I could not agree more. I am very humble about it but am also very proud of myself for coming back from this. I appreciate life a lot more now, that is a fact.

    Thank you for being interested enough to share your thoughts.
    Strength And Light likes this.
  8. bken

    bken Fapstronaut

    It's totally normal to keep thinking about this, perhaps even every single day. Maybe even every hour. You wouldn't be human if you didn't. I think it could help though to put your thoughts in perspective and to reconsider them, e.g. when you see a hospital it makes you feel emotional, somewhat afraid I can imagine, but at the same time you have a lot to thank the medical world for. I don't know if that's how you feel? I'd totally understand should you think it's not that simple and it probably isn't, but gratefulness and fear are two different emotions, if that makes sense?
    Your story reminds me a lot of what happened to a professional Belgian cyclist a few years back. It won't make it any less bad I know but it happens to the best and all it seems to take is a little twist of fate. These are bone-chilling stories but they also show how resilient humans are and how lives are saved around the world, which can only be good. It definitely shouldn't be something that makes you feel less human or something along those lines because reading your story you can tell you are far from done with life and there has to be a reason you made it. Not sure if you believe in God but I sincerely believe we all go somewhere when our time here is up. Everything happens for a reason. So it must not have been your time. I definitely recognize the before and after aspect of it all. Not that it's the same but I've also had a health condition, in part because of my addiction that kind of split my life in two one day. And so you keep thinking about that day and how life was before. It can be hard to let go. People are suffering everywhere and most of the time they don't deserve what they are going through. It can make you feel cursed, perhaps even hopeless, but I sincerely hope you come to think of it as a gift at some point in life. There definitely is a reason stuff like this should happen I believe. Perhaps the universe wants to put us all to some kind of test sooner or later.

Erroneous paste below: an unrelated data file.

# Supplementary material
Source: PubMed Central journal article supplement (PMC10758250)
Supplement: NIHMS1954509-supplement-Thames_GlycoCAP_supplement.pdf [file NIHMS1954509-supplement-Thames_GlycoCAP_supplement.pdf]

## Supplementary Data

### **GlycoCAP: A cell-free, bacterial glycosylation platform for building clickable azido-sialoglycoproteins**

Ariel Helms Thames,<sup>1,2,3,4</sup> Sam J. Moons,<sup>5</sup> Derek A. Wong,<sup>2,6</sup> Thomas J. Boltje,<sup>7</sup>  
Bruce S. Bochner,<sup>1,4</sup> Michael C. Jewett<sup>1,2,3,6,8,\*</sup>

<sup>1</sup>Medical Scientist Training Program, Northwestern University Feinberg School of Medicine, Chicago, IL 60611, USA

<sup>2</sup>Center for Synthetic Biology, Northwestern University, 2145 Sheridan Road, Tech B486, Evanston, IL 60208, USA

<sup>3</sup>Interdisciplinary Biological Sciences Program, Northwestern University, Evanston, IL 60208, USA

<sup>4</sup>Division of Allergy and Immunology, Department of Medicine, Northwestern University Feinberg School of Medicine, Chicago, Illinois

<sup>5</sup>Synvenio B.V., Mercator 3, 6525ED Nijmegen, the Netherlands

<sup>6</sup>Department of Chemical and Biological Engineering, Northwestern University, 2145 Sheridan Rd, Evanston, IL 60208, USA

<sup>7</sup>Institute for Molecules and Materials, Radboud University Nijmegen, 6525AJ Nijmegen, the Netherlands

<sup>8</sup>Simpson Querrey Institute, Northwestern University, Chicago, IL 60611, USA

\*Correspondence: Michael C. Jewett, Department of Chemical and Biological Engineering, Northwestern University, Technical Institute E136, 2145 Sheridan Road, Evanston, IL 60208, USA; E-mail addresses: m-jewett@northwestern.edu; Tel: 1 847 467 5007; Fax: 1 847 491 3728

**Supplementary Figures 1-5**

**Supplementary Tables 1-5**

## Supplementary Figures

You deserve to feel strong and proud man. You really do. After what you've been through you deserve all of the respect you can get. Everyone has some sort of close encounter with death at some point in life, whether it's an accident, a disease or the loss of a loved one, and it really makes you put things in perspective. Good to hear you made a good physical recovery and that you are doing well man. Please never feel alone, we are all here to help each other.
    All the best!
    Daggertail19 likes this.
  9. MuscularSherlockHolmes

    MuscularSherlockHolmes Fapstronaut

    I suggest you to read the biography of Stephan Hawking and learn the most important life lessons from one of the best man ever on the planet.
    Daggertail19 likes this.